80 families of victims sue US flight school for not checking health of Germanwings pilot

Wreckage of the Airbus A320 at the site of the crash, near Seyne-les-Alpes, in the French Alps. On March 24, 2015. © Emmanuel Foudrot
The families of those killed in the March 2015 Germanwings plane crash in the Alps have sued the US flight training company for not examining co-pilot Andreas Lubitz’s medical issues thoroughly enough.

On March 24, 2015, Lubitz deliberately locked the flight’s captain out of the cockpit, and flew the aircraft into the mountains. All 150 people onboard Germanwings flight 9525 were killed.

The relatives of the deceased have been looking into the Lubitz’s training in the US, and are now launching a case against the Airline Training Center of Arizona in Phoenix.

The center belongs to Lufthansa, and Germanwings is part of the group.

Getting a pilot medical certificate was no easy task for Lubitz. German authorities refused him twice for his history of depression. In the end they issued a certificate with restrictions: should Lubitz have a relapse of depression, the certificate was to become invalid.

It has emerged that while training in Europe, Lubitz was suspended from his course for some 10 months due to depression. In 2010, he came back to Lufthansa with letters from medics citing his health was no longer a concern.

Lubitz was subsequently sent to the US for training, and the families of the crash victims argue that the Airline Training Center of Arizona didn’t screen his medical history properly, or else they would have noted his severe depressive episodes.

The center’s officials would also have seen that Lubitz had been treated with the kind of medication that would have ruled him out of flying an aircraft, the suit added.

Finally, Lubitz's behavior while at the flight school should have concerned the authorities, the suit concludes, without giving further detail.

“Lubitz’s particular history of depression and mental instability made him a suicide time bomb, triggered to go off under the ordinary stresses of life, particularly the kind of stresses a commercial pilot routinely faces,” attorney Marc C. Moller representing some 80 families said.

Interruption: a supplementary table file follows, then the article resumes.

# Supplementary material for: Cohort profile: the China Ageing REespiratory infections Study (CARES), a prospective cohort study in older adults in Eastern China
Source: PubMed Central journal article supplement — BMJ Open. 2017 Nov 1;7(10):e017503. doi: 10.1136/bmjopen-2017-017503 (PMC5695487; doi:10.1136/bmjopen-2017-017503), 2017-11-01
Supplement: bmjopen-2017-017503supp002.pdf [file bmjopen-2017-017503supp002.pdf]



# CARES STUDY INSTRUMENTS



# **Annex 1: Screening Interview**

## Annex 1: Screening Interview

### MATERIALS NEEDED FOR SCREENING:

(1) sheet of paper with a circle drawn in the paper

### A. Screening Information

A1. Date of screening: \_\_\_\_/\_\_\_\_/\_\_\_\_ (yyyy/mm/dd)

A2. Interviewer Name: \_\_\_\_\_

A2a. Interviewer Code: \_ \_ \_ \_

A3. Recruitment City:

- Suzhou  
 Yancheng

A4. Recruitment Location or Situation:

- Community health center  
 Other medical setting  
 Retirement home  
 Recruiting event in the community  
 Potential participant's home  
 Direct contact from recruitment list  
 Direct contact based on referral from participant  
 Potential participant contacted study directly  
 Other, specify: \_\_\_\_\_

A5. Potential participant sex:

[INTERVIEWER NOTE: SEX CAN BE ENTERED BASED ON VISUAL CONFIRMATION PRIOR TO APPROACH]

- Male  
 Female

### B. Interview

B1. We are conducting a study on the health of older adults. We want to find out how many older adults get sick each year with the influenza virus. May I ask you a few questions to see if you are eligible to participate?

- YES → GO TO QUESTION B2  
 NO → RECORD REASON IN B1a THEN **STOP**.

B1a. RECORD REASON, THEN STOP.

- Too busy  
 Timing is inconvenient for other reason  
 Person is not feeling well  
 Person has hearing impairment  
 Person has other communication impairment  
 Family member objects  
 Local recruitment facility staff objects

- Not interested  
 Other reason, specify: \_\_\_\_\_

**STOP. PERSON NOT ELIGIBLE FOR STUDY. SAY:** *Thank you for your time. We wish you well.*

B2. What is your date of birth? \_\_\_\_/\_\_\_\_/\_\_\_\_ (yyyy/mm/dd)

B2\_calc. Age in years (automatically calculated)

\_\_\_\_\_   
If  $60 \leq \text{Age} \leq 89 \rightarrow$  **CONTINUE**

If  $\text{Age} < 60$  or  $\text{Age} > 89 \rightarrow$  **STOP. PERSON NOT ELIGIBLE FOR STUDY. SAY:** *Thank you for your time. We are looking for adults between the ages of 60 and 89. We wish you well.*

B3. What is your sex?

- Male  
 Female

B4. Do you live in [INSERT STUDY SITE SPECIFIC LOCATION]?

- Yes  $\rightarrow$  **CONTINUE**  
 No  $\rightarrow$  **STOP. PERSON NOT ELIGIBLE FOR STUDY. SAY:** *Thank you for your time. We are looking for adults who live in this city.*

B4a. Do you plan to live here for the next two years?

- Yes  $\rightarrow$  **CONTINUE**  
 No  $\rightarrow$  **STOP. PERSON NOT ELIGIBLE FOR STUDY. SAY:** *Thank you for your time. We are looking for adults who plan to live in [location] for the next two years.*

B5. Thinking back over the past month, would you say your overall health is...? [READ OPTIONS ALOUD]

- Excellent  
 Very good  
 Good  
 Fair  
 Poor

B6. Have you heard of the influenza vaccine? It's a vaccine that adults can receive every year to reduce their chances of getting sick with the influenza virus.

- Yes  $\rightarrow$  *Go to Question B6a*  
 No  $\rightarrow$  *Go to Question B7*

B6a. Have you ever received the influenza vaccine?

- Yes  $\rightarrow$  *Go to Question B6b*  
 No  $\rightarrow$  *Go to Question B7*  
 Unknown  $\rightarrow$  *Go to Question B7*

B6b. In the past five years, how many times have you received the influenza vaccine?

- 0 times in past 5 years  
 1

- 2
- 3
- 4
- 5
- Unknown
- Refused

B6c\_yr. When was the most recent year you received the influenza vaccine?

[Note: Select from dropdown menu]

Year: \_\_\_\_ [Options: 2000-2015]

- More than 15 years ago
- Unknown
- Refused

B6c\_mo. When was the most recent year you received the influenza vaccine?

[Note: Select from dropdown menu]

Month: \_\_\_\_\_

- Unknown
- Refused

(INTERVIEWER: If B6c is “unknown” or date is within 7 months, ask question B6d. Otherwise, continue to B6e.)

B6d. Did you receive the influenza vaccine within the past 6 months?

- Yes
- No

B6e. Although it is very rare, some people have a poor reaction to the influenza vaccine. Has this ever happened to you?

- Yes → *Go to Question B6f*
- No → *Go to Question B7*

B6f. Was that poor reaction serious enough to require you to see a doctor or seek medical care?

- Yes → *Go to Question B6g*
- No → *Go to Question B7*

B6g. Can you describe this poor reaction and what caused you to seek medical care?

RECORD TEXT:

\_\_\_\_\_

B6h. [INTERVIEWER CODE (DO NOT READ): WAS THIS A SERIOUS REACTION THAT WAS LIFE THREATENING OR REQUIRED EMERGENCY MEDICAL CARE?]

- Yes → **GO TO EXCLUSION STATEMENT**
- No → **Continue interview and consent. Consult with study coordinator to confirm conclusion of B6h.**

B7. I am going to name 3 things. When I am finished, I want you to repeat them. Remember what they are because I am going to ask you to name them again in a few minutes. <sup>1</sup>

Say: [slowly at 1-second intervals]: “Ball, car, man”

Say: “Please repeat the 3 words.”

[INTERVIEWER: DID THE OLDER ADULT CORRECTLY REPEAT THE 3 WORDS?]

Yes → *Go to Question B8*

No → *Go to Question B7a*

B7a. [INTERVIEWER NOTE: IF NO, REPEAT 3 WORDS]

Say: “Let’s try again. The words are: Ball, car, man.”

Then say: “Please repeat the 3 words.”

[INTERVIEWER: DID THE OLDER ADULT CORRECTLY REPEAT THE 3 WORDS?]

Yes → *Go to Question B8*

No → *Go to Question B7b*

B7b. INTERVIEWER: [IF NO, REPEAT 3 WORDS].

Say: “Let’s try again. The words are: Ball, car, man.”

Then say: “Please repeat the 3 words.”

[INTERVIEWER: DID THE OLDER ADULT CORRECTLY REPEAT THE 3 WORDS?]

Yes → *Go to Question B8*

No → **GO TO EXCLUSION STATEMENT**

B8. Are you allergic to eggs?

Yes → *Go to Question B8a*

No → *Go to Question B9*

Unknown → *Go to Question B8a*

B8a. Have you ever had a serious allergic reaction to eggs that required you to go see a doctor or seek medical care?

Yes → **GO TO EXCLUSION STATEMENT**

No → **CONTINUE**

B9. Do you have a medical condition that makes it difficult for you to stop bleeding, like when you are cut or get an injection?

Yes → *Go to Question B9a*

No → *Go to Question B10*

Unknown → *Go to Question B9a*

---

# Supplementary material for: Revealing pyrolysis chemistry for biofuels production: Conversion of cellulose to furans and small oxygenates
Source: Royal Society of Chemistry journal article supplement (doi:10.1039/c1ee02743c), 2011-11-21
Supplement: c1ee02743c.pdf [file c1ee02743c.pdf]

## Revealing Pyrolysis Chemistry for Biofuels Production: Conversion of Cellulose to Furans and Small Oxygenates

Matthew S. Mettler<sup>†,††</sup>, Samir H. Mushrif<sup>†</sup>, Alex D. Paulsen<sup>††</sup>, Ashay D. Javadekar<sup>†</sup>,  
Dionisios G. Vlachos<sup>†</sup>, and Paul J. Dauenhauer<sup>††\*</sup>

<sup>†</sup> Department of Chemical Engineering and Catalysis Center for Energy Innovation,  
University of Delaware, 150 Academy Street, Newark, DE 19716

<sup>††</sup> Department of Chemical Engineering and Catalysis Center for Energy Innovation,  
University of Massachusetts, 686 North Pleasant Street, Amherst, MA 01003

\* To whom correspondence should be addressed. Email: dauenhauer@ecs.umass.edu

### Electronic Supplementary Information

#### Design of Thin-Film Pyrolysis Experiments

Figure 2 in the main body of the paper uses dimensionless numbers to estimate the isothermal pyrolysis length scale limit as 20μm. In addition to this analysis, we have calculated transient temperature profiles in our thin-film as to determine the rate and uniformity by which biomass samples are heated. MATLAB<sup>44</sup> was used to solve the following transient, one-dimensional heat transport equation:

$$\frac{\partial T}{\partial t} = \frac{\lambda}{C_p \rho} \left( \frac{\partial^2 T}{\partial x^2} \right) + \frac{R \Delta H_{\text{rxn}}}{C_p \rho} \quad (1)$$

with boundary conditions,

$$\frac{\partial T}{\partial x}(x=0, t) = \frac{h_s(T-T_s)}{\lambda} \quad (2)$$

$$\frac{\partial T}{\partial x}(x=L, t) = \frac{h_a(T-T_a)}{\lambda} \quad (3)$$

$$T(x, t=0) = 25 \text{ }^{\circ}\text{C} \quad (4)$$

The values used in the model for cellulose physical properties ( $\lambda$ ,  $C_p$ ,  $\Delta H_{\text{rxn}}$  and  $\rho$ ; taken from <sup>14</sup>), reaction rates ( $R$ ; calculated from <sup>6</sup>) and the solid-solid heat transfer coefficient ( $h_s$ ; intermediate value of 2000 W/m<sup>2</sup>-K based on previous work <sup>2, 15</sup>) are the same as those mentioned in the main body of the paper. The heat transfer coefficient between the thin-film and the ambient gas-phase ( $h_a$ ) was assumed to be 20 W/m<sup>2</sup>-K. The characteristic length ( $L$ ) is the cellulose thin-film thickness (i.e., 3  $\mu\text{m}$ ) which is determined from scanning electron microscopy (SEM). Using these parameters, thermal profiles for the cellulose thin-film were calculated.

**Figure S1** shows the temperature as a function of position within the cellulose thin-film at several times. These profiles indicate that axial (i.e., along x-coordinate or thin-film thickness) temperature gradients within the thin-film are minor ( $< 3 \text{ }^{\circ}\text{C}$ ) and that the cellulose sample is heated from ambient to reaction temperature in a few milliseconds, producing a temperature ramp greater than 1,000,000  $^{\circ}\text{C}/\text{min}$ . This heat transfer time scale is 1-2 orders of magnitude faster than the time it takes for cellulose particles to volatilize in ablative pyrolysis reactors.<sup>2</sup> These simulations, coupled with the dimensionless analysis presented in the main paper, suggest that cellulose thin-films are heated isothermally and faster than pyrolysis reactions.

It’s a well-known fact that depression tends to recur, and no one can predict when it will happen, Moller added.

READ MORE: Lubitz final confession: Germanwings co-pilot feared going blind, barely slept

This is just the latest in a series of scandals linked to the Germanwings co-pilot: a month ago, it emerged that Lubitz had been referred to a psychiatric clinic due to a possible psychosis only a fortnight before the tragic crash.

Also, he had been prescribed powerful antidepressants and sleeping pills.

Last month, it also became known that Lubitz wrote to his physician just before the crash, saying he barely slept and feared going blind.

Over the five years prior to the crash, Lubitz had visited over 40 different doctors, many of whom realized he had a serious mental disorder, yet they didn’t inform the authorities of his condition.

According to the toxicological report, Lubitz was on medication during the fatal flight, with traces of sleeping pills and antidepressants discovered in his hair and body. One of the drugs found in Lubitz’s remains, Zolpidem, reduces concentration and driving ability, and two others – Citalopram and Mirtazapine – are prescribed when having suicidal thoughts, although health authorities in Dusseldorf state: “The risk of suicide may increase at the beginning of treatment [with these drugs].”